INDIANAPOLIS – Jeff Saturday virtually was in on the ground floor at the start of one of the greatest eras in franchise history.
Saturday joined the Colts in 1999, a year after Owner and CEO Jim Irsay installed Bill Polian as president and Jim Mora as head coach.
The Colts went 3-13 that year, then jumped to 13-3 in creating then the best one-season jump in NFL history (it has been tied but once since then).
Saturday did not start his first season, then anchored the offensive line from 2000-11 as the Colts produced the winningest regular-season decade (115 victories) in history, while making perpetual playoff appearances.
Saturday was guided by three head coaches – Mora, Tony Dungy and Jim Caldwell – and three position coaches – Howard Mudd, Pete Metzelaars and Ron Prince.
Saturday appreciates deeply how he was shaped on and off the field and recalls his leaders:
On Jim Mora
“Jim Mora introduced me to the NFL. He’s got that ‘old marine’ in him. He got real fired up. He loved to yell and charge. He was by far one of the fairest men I’ve ever met. It didn’t matter if you were Peyton or if you were me, he treated everybody the same. He wanted the job done. He carried the same expectations for everyone on and off the field. I appreciate that about him. He gave me the opportunity to make the team and then eventually start. I really appreciate that.”
On Tony Dungy
“Tony, what a great man in every regard he is. I truly consider him a mentor in my walk with God and just the faith he had in the greatest circumstances and the worst was inspiring. I appreciate who he is as a man, as well as a coach.”
On Jim Caldwell
“Jim was probably a mix between Jim Mora and Tony Dungy. He was more spirited than Coach Dungy, but he still carried that same faith and balance in life. I felt like he had it all put together, and we had a great run. I think he’s an excellent football coach and an excellent leader of men. He’s one I appreciated all my time with, even when he was the quarterbacks coach, but more importantly when he was my head coach.”
On Howard Mudd
“Howard, I can’t say enough about him. He made me a better player than I thought I could be. He challenged me and forced me to do things that I was probably scared to try, until he forced me to do them. He believed in me probably more than I believed in myself early on. He really encouraged me to do and try different things. He kept telling me, ‘You have what it takes to do it.’ He built that confidence in me as a player. As a former player, he understood physically you weren’t always going to win your match-up, but he demanded greatness mentally and physically and turned me into the player I was. I’m very appreciative of all my years with him, all his crazy, bi-polar, flipout sessions that we (had with) him. I called him a manic. The guy was an incredible coach who had an incredible football mind. I’m very thankful he was my O-line coach for the many years that he was.”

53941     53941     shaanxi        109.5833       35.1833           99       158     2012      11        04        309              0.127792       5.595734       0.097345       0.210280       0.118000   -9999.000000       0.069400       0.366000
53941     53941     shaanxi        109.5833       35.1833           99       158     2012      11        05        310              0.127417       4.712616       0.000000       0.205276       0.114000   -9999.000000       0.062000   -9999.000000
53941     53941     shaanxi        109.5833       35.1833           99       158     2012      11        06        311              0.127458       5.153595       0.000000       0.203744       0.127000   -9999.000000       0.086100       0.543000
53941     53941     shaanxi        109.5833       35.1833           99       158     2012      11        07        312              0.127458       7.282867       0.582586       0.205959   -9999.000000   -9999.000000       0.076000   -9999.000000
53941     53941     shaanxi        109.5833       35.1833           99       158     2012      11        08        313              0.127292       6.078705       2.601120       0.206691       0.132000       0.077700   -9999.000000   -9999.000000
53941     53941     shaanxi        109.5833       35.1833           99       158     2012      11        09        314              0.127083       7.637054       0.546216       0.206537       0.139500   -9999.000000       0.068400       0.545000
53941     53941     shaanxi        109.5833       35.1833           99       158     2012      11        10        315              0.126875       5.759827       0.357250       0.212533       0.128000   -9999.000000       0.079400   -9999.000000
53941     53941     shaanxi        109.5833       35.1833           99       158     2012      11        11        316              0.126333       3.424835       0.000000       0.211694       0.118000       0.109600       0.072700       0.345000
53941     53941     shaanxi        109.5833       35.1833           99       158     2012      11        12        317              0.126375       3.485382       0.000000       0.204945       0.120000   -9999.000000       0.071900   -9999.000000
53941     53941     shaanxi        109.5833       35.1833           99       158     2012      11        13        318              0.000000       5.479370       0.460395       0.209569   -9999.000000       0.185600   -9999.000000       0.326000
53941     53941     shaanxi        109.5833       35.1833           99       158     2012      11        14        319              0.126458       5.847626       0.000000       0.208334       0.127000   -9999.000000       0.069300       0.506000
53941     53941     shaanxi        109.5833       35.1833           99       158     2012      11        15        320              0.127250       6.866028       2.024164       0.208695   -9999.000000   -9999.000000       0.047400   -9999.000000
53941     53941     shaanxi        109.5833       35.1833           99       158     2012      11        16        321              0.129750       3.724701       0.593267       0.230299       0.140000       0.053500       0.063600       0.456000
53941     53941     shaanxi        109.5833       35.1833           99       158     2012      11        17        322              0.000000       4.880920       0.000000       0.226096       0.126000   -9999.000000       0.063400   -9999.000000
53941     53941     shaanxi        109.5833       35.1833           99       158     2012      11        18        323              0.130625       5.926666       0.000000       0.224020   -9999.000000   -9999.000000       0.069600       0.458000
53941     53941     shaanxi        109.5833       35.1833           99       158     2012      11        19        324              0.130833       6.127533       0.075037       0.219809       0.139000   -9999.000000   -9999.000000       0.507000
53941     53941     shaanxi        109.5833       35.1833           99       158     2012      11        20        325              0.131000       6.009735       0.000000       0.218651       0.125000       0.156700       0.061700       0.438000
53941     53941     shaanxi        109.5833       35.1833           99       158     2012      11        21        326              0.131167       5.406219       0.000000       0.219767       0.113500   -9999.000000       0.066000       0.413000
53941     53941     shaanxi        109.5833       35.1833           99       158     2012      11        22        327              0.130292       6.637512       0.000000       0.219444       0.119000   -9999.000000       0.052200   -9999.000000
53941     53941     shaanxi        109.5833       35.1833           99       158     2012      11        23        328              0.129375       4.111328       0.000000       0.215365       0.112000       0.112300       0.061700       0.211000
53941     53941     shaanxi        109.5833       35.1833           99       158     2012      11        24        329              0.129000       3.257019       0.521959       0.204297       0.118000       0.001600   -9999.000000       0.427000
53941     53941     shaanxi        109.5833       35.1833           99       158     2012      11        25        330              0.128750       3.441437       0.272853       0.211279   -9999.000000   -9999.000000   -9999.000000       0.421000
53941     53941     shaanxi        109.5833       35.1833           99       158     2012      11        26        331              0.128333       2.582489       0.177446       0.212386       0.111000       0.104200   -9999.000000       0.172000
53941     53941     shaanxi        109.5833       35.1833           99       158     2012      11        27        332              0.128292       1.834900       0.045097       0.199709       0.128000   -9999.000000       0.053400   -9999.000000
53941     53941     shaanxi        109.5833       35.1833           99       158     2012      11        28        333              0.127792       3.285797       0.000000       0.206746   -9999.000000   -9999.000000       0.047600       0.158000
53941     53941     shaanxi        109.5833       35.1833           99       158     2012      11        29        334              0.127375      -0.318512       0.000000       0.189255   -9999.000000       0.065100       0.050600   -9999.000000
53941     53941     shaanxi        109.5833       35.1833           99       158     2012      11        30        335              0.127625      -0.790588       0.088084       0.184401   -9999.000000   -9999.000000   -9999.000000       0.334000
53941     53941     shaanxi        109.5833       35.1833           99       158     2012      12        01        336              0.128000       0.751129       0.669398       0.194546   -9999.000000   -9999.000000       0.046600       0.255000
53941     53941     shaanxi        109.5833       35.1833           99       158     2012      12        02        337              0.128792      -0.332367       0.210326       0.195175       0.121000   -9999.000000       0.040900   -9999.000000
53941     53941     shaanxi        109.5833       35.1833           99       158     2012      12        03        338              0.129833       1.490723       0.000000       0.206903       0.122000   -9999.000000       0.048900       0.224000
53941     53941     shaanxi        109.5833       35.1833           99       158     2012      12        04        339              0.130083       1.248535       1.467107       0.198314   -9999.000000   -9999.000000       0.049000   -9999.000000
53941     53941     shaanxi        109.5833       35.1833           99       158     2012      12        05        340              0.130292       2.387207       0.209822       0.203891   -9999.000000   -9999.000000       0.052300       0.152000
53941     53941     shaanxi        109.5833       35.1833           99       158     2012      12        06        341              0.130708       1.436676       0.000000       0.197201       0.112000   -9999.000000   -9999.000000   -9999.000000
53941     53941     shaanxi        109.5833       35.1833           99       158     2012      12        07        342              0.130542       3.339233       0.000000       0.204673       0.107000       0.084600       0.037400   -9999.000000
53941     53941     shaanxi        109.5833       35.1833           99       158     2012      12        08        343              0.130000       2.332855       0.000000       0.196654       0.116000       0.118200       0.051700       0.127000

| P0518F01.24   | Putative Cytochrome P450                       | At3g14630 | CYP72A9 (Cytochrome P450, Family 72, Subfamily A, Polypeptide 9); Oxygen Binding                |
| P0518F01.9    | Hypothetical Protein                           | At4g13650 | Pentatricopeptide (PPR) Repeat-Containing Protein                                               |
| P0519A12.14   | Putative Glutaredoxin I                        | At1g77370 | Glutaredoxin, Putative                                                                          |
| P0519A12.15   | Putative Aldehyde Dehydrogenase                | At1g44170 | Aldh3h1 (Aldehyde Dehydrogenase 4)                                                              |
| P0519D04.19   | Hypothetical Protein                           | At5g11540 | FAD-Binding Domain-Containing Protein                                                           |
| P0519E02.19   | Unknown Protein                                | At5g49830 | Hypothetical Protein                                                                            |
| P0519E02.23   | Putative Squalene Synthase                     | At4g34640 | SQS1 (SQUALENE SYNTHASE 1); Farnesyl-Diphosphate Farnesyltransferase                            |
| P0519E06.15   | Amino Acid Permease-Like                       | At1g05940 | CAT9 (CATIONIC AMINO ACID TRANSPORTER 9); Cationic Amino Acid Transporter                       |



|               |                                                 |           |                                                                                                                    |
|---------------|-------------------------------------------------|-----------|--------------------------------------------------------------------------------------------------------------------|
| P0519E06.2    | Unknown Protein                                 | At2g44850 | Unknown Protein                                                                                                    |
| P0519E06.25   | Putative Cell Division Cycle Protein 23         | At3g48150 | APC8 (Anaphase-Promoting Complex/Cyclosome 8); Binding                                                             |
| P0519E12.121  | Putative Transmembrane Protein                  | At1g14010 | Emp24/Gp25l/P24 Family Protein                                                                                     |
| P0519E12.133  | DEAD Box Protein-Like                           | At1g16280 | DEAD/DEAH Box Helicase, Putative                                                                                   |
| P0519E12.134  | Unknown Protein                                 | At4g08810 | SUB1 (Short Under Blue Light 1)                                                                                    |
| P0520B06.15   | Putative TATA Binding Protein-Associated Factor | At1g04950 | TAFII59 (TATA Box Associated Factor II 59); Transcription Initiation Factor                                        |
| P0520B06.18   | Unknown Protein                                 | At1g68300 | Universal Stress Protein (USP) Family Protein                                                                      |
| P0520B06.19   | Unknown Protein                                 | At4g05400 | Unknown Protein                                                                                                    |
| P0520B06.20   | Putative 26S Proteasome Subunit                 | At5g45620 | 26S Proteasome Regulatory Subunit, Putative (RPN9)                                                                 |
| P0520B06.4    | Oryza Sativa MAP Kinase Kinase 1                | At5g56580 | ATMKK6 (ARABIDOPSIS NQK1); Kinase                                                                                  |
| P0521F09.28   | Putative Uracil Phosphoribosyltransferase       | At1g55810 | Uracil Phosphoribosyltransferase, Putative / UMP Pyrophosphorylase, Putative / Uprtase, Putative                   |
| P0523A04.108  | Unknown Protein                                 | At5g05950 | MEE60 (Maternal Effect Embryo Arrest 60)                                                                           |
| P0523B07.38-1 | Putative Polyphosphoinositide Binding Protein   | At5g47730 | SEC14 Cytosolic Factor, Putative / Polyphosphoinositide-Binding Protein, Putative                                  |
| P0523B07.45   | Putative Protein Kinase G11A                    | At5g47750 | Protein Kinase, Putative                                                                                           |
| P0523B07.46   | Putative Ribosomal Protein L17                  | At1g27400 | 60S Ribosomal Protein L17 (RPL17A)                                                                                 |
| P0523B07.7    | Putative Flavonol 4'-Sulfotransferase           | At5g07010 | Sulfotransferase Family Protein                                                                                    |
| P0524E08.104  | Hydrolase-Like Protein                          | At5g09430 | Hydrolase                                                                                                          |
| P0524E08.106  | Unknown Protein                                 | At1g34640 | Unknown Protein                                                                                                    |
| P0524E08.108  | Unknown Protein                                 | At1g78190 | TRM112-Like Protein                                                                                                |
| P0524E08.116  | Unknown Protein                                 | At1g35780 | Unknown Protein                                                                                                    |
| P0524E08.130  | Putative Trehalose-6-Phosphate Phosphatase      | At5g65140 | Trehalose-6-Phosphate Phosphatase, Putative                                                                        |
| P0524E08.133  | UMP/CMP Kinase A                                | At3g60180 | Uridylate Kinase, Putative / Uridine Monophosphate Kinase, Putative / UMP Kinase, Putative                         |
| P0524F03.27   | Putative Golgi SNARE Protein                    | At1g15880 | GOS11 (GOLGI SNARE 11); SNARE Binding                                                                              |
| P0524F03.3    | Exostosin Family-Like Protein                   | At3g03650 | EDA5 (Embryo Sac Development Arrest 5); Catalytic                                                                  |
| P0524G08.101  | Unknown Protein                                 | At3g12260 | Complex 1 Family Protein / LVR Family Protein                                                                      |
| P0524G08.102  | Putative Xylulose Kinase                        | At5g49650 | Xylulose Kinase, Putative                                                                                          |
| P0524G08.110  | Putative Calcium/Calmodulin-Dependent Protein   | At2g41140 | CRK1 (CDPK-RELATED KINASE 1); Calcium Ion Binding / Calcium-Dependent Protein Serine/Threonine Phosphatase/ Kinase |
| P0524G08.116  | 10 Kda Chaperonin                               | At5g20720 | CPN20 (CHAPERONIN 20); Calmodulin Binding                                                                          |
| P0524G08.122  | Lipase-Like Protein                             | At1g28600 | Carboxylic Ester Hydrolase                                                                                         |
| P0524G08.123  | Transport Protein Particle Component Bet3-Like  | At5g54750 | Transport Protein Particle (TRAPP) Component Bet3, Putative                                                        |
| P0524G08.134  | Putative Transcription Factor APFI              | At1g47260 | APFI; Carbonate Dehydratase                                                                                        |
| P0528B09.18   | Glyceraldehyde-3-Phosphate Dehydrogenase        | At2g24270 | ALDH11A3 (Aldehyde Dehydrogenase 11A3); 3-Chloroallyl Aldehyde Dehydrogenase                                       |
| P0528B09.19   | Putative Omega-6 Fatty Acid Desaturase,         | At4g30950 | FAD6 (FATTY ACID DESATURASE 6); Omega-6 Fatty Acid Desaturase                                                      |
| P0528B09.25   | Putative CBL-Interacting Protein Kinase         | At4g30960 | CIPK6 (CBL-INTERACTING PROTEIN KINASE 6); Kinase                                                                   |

On Pete Metzelaars and Ron Prince
“Pete was a guy who played 16 years in the league, and just you have all the respect in the world for the guys who have done it and know what it’s like to be out there on Sundays. The way Pete stewarded my career toward the end and kept me healthy and forced me to be smart in how I practiced and the way I prepared for the games added longevity. I appreciated when he and Ron Prince gave me new techniques and opportunities to do things different than even Howard had coached me. I felt that really polished it all toward the end. You always want to be learning and wanting to increase your knowledge of the game. I felt Pete and Ron were great at the end of my career in showing me a new light.”